BONNEY TOOLS HISTORY
Inventor Charles S. Bonney founded the Bonney Vise & Tool Works in 1876 Philadelphia. Approximately in 1906, the Company moved to Allentown, Pennsylvania. Their first products were vises, pipe wrenches and monkey wrenches with a few others. As their product mix changed and subsequent growth, the Company’s name was later changed to Bonney Forge and Tool Works.
In the post World War I era, alloy steel was highly prized and Bonney was at the forefront, among others, of this tool design using alloy steel. Business was good during the Roaring Twenties and they had a full line of mechanic’s tools by the 1930s. In the late 1930s, the Company coined the term “Bonalloy” for their chrome vanadium alloy tools. Another tough alloy was developed and called “Zenel” for their best quality tools. So it is apparent that Bonney was a true designer, toolmaker and supplier of tools.
Around the mid-1950s Miller Manufacturing of Detroit acquired Bonney. Miller was also in the automotive industry so the marriage worked well. Bonney built a new factory in Alliance, Ohio and produced both Bonney and Miller branded tools.
Then in 1964, Utica Tools (Division of Kelsey-Hayes Corporation) purchased Bonney and became one part of three toolmakers, Bonney, Utica and Herbrand under the Kelsey-Hayes umbrella. All three companies shared the same factory in Orangeburg, South Carolina, thought to be the largest at the time. Then in 1967, the Triangle Corporation purchased all three companies and remained there until Cooper Tools acquired them.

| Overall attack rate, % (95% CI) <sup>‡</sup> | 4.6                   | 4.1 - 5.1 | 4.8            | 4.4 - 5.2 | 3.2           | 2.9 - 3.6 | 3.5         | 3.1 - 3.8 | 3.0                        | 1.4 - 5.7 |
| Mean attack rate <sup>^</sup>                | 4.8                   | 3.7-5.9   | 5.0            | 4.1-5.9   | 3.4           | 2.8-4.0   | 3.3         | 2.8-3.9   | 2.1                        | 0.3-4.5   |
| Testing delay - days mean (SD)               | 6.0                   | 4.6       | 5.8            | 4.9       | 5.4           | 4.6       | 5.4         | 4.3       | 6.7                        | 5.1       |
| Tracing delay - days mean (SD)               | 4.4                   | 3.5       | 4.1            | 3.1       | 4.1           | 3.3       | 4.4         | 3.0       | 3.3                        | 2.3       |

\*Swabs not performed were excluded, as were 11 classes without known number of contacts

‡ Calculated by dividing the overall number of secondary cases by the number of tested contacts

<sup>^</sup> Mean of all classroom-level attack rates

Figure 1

Bonney Tools are probably best known for their excellent quality wrenches, as well as the feel they have in your hands. They tend to get sold quicker than most other brands.
At some point in the early to mid-1990s Bonney Tools ceased to exist. So if you ever see one of their top quality tools, then you can be sure it was made at least in 1990s or earlier. I have several in the tool catalog that have never been used. The main reason is that a local company found a pallet load of new Bonney Tools in some corner of a warehouse in 2010. These tools are definitely collectable and prices may increase as demand exceeds the limited supply.